This novel is limited to 100 free copies due to its part in Inkitt’s Novel Contest.
A world that has forgotten its past, abandoned its future and was mired in an ever-repeating present. Steel covered the ground and engulfed the sky, its celestial bodies long consigned to oblivion, and cast eternal twilight over an endless city lit by cold neon billboards. Crawling through the veins of the megalopolis was an unconscious stream of things that were more, but also less than human. Buildings fearfully stretched towards the dreadful canopy above, in an impotent attempt to pierce the heavens as skyscrapers had done eons ago.
Yet, there were structures that connected the ground and the ceiling, massive constructs whose builders had long disappeared in the folds of time, which dwarfed even the tallest megacorporation architecture. Those windowless megastructures were of an unknown material, but they were far from monolithic. They consisted of parallel pillars with periodic platforms spanning the entire building, with gigantic bridges spanning the spaces between them, like the spongy part of bones, as if the megastructures were the remnants of cosmic titans. Within these the beings that called themselves “humans” of this age had built their beehive-like abodes. Unable to drill into the perfectly smooth surface, they could only hang their own, in comparison, miserable engineering from the bridges or build them into the horizontal ridges that were let into the pillars at regular intervals.
On one such bridge, high above the tallest skyscraper of human design, a lone woman in black sat in the eternal twilight of the unlit pillars. Her dark messy hair swayed in the unnatural breeze, engineered by giant wind machines hidden all over the city. Cold blue eyes reflected the faintly glowing screen of a PDA in her hands, as her thin lips, unfamiliar to smiles, were slightly pursed in thought. Her thin frame was completely covered by a black bodysuit, which sported countless modifications such as stitched-on pockets as well as an inbuilt smart backpack. It featured a holster for what looked like a black sawed-off shotgun with a rectangular stock and no opening for a barrel. In a sideways sheath on the back of her waist hung a black machete and a small handgun of the same design as the shotgun rested in a holster on her left thigh. This smaller gun featured a traditional barrel, although no loading chamber or magazine was visible.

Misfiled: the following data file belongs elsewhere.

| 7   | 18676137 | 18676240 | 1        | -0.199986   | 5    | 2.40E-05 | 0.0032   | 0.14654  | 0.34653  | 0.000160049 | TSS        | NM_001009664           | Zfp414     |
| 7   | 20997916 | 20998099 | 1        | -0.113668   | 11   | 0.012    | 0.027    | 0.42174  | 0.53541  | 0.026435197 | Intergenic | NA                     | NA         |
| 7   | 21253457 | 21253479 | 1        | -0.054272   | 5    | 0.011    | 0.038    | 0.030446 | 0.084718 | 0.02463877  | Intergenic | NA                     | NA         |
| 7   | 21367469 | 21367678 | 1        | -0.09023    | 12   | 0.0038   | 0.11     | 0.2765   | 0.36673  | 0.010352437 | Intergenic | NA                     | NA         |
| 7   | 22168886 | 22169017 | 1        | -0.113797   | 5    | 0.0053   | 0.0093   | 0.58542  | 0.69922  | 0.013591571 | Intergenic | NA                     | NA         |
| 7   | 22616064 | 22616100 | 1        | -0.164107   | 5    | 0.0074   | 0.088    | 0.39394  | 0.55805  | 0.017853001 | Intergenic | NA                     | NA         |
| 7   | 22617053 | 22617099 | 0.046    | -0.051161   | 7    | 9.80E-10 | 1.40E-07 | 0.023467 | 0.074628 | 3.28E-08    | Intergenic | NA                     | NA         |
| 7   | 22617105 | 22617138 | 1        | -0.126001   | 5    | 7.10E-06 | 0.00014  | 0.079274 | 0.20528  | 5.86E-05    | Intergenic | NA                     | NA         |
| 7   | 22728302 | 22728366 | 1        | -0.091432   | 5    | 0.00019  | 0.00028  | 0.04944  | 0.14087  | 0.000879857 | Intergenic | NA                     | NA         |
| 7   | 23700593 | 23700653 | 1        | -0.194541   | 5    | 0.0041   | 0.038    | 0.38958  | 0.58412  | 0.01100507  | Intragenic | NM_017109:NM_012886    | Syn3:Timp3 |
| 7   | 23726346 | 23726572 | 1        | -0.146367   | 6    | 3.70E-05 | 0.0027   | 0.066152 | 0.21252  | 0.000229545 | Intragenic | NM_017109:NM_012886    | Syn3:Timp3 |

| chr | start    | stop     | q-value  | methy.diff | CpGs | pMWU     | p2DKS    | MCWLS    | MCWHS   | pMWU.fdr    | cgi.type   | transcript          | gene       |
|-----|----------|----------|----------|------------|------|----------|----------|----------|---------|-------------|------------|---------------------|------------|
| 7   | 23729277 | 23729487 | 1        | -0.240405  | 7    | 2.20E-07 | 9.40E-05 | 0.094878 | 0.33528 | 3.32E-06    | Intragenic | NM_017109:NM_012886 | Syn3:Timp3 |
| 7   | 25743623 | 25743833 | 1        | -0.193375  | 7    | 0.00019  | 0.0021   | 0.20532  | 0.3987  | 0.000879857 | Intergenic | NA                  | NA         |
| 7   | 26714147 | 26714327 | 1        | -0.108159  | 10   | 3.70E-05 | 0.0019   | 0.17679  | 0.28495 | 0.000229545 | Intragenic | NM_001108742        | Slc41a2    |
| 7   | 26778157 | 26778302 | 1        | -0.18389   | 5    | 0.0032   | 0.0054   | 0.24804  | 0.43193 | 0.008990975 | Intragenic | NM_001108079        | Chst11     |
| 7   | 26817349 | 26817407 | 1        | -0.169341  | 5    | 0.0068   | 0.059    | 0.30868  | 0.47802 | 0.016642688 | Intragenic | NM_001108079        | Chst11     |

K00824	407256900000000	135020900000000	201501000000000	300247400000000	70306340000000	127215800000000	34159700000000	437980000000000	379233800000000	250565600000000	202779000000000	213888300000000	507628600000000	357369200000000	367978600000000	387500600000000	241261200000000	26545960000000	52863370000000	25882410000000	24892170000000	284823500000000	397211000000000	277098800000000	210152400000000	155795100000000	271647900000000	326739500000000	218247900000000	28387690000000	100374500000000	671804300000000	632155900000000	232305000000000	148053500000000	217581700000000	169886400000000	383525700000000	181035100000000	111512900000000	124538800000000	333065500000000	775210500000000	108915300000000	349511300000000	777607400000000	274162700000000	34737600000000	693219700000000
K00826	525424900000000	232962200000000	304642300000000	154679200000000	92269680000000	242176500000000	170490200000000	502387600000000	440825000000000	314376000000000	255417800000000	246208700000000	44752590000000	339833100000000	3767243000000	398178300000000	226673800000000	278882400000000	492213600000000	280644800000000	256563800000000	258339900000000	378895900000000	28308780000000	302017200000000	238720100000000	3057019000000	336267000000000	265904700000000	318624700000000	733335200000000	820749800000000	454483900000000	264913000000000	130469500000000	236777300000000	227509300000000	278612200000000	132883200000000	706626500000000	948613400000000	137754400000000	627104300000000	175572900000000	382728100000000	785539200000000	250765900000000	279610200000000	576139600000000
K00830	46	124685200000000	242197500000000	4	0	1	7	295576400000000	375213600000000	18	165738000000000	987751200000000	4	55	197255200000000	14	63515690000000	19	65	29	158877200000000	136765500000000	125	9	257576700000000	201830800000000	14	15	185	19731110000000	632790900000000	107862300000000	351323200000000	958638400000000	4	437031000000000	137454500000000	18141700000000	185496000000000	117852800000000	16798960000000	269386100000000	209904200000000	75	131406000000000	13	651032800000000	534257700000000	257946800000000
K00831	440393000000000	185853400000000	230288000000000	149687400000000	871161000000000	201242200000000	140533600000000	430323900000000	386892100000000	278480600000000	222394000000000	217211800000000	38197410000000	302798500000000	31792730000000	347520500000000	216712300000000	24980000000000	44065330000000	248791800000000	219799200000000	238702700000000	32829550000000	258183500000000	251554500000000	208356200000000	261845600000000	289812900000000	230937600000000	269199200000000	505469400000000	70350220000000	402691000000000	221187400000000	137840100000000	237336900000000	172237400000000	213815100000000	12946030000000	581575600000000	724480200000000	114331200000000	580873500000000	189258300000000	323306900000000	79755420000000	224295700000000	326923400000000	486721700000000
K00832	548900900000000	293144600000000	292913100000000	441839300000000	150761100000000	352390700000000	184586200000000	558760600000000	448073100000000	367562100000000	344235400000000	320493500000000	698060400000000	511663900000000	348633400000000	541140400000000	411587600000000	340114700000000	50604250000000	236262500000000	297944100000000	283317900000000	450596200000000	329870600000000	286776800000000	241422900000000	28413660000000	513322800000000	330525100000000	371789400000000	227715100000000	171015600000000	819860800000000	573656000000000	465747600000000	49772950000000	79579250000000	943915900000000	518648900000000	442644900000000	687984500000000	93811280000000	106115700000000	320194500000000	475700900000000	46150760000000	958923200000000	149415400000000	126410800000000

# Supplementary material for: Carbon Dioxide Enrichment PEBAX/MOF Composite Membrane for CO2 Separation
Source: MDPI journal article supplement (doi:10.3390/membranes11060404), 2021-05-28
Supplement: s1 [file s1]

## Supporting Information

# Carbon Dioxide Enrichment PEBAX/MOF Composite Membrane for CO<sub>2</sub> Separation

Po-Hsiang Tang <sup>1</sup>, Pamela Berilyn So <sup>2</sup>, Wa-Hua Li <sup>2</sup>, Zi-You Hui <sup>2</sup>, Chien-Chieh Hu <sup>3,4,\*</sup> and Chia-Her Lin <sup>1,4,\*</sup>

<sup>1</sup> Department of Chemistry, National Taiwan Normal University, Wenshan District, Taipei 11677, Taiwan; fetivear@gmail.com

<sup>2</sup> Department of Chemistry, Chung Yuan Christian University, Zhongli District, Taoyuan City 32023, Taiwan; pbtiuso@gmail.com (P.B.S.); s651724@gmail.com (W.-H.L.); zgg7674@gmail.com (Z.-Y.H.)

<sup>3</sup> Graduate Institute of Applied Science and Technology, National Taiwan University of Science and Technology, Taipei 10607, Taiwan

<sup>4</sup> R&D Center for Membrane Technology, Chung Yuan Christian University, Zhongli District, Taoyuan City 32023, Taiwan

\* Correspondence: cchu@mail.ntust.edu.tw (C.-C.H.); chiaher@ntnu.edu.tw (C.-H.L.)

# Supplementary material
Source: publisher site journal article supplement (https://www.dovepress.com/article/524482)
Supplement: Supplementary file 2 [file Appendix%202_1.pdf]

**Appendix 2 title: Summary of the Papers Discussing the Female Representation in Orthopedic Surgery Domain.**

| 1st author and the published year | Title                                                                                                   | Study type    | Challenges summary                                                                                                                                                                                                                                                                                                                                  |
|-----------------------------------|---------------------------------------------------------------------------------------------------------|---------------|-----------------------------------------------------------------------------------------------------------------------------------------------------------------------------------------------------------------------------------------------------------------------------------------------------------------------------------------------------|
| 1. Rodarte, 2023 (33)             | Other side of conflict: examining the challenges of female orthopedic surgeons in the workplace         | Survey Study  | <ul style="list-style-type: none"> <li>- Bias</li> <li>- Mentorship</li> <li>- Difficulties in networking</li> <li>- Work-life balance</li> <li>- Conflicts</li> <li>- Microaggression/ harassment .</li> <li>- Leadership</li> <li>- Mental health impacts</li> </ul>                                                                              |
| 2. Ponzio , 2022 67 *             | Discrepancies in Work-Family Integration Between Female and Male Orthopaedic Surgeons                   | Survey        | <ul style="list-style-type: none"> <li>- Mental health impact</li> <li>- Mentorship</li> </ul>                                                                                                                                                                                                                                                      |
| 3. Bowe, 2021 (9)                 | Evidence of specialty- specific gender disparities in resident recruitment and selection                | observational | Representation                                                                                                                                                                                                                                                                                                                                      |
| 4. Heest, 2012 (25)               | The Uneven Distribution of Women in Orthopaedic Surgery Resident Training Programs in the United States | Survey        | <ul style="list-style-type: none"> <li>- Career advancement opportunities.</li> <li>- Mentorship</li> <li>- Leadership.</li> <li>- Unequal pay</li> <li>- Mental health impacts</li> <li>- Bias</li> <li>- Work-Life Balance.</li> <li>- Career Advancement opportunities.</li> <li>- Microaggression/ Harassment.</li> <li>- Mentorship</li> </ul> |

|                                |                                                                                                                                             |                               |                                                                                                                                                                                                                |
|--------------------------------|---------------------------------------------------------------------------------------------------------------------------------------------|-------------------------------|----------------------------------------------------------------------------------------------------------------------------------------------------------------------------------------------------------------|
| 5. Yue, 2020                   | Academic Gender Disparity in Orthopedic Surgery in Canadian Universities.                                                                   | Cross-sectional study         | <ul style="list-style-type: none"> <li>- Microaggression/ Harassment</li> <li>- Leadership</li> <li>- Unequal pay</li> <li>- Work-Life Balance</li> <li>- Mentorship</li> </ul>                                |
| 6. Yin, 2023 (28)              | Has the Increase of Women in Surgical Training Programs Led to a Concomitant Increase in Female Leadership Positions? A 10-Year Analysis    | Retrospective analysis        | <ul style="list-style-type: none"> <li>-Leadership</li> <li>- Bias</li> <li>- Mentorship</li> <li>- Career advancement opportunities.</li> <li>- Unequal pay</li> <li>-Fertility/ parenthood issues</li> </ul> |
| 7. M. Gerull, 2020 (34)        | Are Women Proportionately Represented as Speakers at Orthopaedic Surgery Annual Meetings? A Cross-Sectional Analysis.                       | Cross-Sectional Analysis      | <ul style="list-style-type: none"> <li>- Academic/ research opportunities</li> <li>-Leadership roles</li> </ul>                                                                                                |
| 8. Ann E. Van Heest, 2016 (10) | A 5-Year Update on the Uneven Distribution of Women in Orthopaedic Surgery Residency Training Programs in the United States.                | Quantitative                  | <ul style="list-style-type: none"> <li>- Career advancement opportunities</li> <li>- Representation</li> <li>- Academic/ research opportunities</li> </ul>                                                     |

The woman’s name was Sain, an independent bounty huntress who had become a legend among the megacorporations, her existence known down to the lowest workers. Whenever she accepted an assignment, it would be fulfilled within the given time limit, regardless of its dangers and difficulties. Her uncompromising methods and unquestioning work ethics made her a valuable asset for those who could pay her steep fee, and proved to be a menace for those who found themselves her target.
Her legs were dangling off the bridge carelessly as she sat on the edge, a small push from a long fall, focusing on the screen of her PDA, which played a video. A cable extended from it and was attached to a plug on her bodysuit’s collar. The screen cut to the face of a female, an emotionless smile on her porcelain-like face as she spoke in a practiced, almost robotic manner.
“The contractor is Payne Industries. The target is currently confined in the specimen holding cells of AMF Enterprises complex number 133551. Average security is to be expected, but proceed with caution.”
Wordlessly, Sain shut off the device and stored it in her shoulder pocket, before jumping off the bridge as if slipping into the water from a poolside - she just entered her element.
On a ledge with no railings - an unused ridge in one of the massive pillars - Sain was walking along the wall with a clear aim in mind. Her surroundings were clearly manmade, but it still felt like she was in a place far from civilization. It was a megastructure on the outskirts of the megalopolis, hours of travel with the supersonic train away from where she had received the contract. Remnants of a glorious age of expansion, when the megacorporations still needed the approval and favor of the people, the trains were now rarely used. They just continued to run and waste resources in the limitlessly automated system that was society of today.